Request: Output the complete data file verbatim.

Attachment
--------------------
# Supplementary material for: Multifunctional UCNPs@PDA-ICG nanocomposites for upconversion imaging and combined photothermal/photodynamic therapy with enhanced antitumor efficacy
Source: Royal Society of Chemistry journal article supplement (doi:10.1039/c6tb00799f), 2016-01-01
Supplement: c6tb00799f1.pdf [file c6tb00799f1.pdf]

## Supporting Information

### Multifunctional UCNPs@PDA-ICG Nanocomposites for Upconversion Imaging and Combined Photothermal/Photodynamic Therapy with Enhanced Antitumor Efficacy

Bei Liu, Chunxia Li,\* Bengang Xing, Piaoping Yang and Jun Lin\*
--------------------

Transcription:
# Supplementary material for: Multifunctional UCNPs@PDA-ICG nanocomposites for upconversion imaging and combined photothermal/photodynamic therapy with enhanced antitumor efficacy
Source: Royal Society of Chemistry journal article supplement (doi:10.1039/c6tb00799f), 2016-01-01
Supplement: c6tb00799f1.pdf [file c6tb00799f1.pdf]

## Supporting Information

### Multifunctional UCNPs@PDA-ICG Nanocomposites for Upconversion Imaging and Combined Photothermal/Photodynamic Therapy with Enhanced Antitumor Efficacy

Bei Liu, Chunxia Li,\* Bengang Xing, Piaoping Yang and Jun Lin\*